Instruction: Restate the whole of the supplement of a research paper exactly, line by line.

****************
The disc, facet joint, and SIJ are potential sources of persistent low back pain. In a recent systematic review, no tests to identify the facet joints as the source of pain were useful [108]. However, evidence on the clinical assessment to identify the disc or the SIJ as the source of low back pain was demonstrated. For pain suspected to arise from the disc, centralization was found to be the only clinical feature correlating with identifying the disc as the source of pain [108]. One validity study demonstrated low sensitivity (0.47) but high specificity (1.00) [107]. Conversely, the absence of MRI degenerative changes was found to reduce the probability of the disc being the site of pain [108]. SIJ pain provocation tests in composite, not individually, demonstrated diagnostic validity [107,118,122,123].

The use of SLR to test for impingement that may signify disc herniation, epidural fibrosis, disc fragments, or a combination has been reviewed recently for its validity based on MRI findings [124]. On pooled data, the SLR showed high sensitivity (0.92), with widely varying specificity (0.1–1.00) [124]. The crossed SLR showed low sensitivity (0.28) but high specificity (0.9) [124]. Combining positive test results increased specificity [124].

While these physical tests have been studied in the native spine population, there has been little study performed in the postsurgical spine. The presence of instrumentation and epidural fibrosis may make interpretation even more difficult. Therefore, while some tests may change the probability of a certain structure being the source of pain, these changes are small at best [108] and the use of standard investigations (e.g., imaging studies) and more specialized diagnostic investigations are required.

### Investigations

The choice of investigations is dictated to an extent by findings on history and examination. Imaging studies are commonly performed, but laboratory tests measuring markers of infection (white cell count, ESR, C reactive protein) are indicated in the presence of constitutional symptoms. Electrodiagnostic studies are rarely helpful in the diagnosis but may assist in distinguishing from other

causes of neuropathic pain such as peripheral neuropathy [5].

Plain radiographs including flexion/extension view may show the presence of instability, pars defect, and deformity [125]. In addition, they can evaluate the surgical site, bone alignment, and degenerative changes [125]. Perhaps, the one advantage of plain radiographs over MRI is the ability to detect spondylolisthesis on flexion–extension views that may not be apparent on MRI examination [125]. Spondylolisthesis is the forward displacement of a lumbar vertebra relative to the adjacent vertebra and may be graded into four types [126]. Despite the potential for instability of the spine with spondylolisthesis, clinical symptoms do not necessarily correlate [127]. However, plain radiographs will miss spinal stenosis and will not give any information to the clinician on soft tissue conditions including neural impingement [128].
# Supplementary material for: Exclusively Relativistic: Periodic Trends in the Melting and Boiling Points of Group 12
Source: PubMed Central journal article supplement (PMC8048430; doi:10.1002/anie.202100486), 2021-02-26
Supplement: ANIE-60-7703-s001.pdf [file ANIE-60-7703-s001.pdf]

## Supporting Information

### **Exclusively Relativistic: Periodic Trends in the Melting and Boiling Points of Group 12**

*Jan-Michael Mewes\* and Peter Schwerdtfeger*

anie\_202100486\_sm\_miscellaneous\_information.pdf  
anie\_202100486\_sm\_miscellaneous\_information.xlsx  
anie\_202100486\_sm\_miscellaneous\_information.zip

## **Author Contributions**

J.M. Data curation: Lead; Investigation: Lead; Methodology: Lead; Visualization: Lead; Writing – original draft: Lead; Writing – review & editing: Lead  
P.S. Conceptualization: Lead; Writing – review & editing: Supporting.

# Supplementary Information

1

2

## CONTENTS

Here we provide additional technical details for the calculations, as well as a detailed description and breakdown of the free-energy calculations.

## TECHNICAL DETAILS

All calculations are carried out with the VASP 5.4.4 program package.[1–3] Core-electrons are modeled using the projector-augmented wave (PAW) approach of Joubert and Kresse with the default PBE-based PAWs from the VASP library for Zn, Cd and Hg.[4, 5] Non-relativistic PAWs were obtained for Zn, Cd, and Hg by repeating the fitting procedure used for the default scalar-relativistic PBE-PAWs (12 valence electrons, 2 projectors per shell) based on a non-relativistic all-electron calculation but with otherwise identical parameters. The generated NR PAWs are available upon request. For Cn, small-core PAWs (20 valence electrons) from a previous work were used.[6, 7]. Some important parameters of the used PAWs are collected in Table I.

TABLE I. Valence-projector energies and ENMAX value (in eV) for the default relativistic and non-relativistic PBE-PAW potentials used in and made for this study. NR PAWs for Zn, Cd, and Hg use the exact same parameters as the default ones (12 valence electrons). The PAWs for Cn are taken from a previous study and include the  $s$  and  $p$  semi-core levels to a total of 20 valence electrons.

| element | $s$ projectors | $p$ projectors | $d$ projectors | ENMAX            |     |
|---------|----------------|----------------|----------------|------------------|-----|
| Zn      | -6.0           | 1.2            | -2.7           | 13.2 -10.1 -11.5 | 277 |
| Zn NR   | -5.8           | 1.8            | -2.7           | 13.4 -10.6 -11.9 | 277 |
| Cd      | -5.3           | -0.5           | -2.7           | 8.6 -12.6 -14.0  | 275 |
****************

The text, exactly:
The disc, facet joint, and SIJ are potential sources of persistent low back pain. In a recent systematic review, no tests to identify the facet joints as the source of pain were useful [108]. However, evidence on the clinical assessment to identify the disc or the SIJ as the source of low back pain was demonstrated. For pain suspected to arise from the disc, centralization was found to be the only clinical feature correlating with identifying the disc as the source of pain [108]. One validity study demonstrated low sensitivity (0.47) but high specificity (1.00) [107]. Conversely, the absence of MRI degenerative changes was found to reduce the probability of the disc being the site of pain [108]. SIJ pain provocation tests in composite, not individually, demonstrated diagnostic validity [107,118,122,123].

The use of SLR to test for impingement that may signify disc herniation, epidural fibrosis, disc fragments, or a combination has been reviewed recently for its validity based on MRI findings [124]. On pooled data, the SLR showed high sensitivity (0.92), with widely varying specificity (0.1–1.00) [124]. The crossed SLR showed low sensitivity (0.28) but high specificity (0.9) [124]. Combining positive test results increased specificity [124].

While these physical tests have been studied in the native spine population, there has been little study performed in the postsurgical spine. The presence of instrumentation and epidural fibrosis may make interpretation even more difficult. Therefore, while some tests may change the probability of a certain structure being the source of pain, these changes are small at best [108] and the use of standard investigations (e.g., imaging studies) and more specialized diagnostic investigations are required.

### Investigations

The choice of investigations is dictated to an extent by findings on history and examination. Imaging studies are commonly performed, but laboratory tests measuring markers of infection (white cell count, ESR, C reactive protein) are indicated in the presence of constitutional symptoms. Electrodiagnostic studies are rarely helpful in the diagnosis but may assist in distinguishing from other

causes of neuropathic pain such as peripheral neuropathy [5].

Plain radiographs including flexion/extension view may show the presence of instability, pars defect, and deformity [125]. In addition, they can evaluate the surgical site, bone alignment, and degenerative changes [125]. Perhaps, the one advantage of plain radiographs over MRI is the ability to detect spondylolisthesis on flexion–extension views that may not be apparent on MRI examination [125]. Spondylolisthesis is the forward displacement of a lumbar vertebra relative to the adjacent vertebra and may be graded into four types [126]. Despite the potential for instability of the spine with spondylolisthesis, clinical symptoms do not necessarily correlate [127]. However, plain radiographs will miss spinal stenosis and will not give any information to the clinician on soft tissue conditions including neural impingement [128].
# Supplementary material for: Exclusively Relativistic: Periodic Trends in the Melting and Boiling Points of Group 12
Source: PubMed Central journal article supplement (PMC8048430; doi:10.1002/anie.202100486), 2021-02-26
Supplement: ANIE-60-7703-s001.pdf [file ANIE-60-7703-s001.pdf]

## Supporting Information

### **Exclusively Relativistic: Periodic Trends in the Melting and Boiling Points of Group 12**

*Jan-Michael Mewes\* and Peter Schwerdtfeger*

anie\_202100486\_sm\_miscellaneous\_information.pdf  
anie\_202100486\_sm\_miscellaneous\_information.xlsx  
anie\_202100486\_sm\_miscellaneous\_information.zip

## **Author Contributions**

J.M. Data curation: Lead; Investigation: Lead; Methodology: Lead; Visualization: Lead; Writing – original draft: Lead; Writing – review & editing: Lead  
P.S. Conceptualization: Lead; Writing – review & editing: Supporting.

# Supplementary Information

1

2

## CONTENTS

Here we provide additional technical details for the calculations, as well as a detailed description and breakdown of the free-energy calculations.

## TECHNICAL DETAILS

All calculations are carried out with the VASP 5.4.4 program package.[1–3] Core-electrons are modeled using the projector-augmented wave (PAW) approach of Joubert and Kresse with the default PBE-based PAWs from the VASP library for Zn, Cd and Hg.[4, 5] Non-relativistic PAWs were obtained for Zn, Cd, and Hg by repeating the fitting procedure used for the default scalar-relativistic PBE-PAWs (12 valence electrons, 2 projectors per shell) based on a non-relativistic all-electron calculation but with otherwise identical parameters. The generated NR PAWs are available upon request. For Cn, small-core PAWs (20 valence electrons) from a previous work were used.[6, 7]. Some important parameters of the used PAWs are collected in Table I.

TABLE I. Valence-projector energies and ENMAX value (in eV) for the default relativistic and non-relativistic PBE-PAW potentials used in and made for this study. NR PAWs for Zn, Cd, and Hg use the exact same parameters as the default ones (12 valence electrons). The PAWs for Cn are taken from a previous study and include the  $s$  and  $p$  semi-core levels to a total of 20 valence electrons.

| element | $s$ projectors | $p$ projectors | $d$ projectors | ENMAX            |     |
|---------|----------------|----------------|----------------|------------------|-----|
| Zn      | -6.0           | 1.2            | -2.7           | 13.2 -10.1 -11.5 | 277 |
| Zn NR   | -5.8           | 1.8            | -2.7           | 13.4 -10.6 -11.9 | 277 |
| Cd      | -5.3           | -0.5           | -2.7           | 8.6 -12.6 -14.0  | 275 |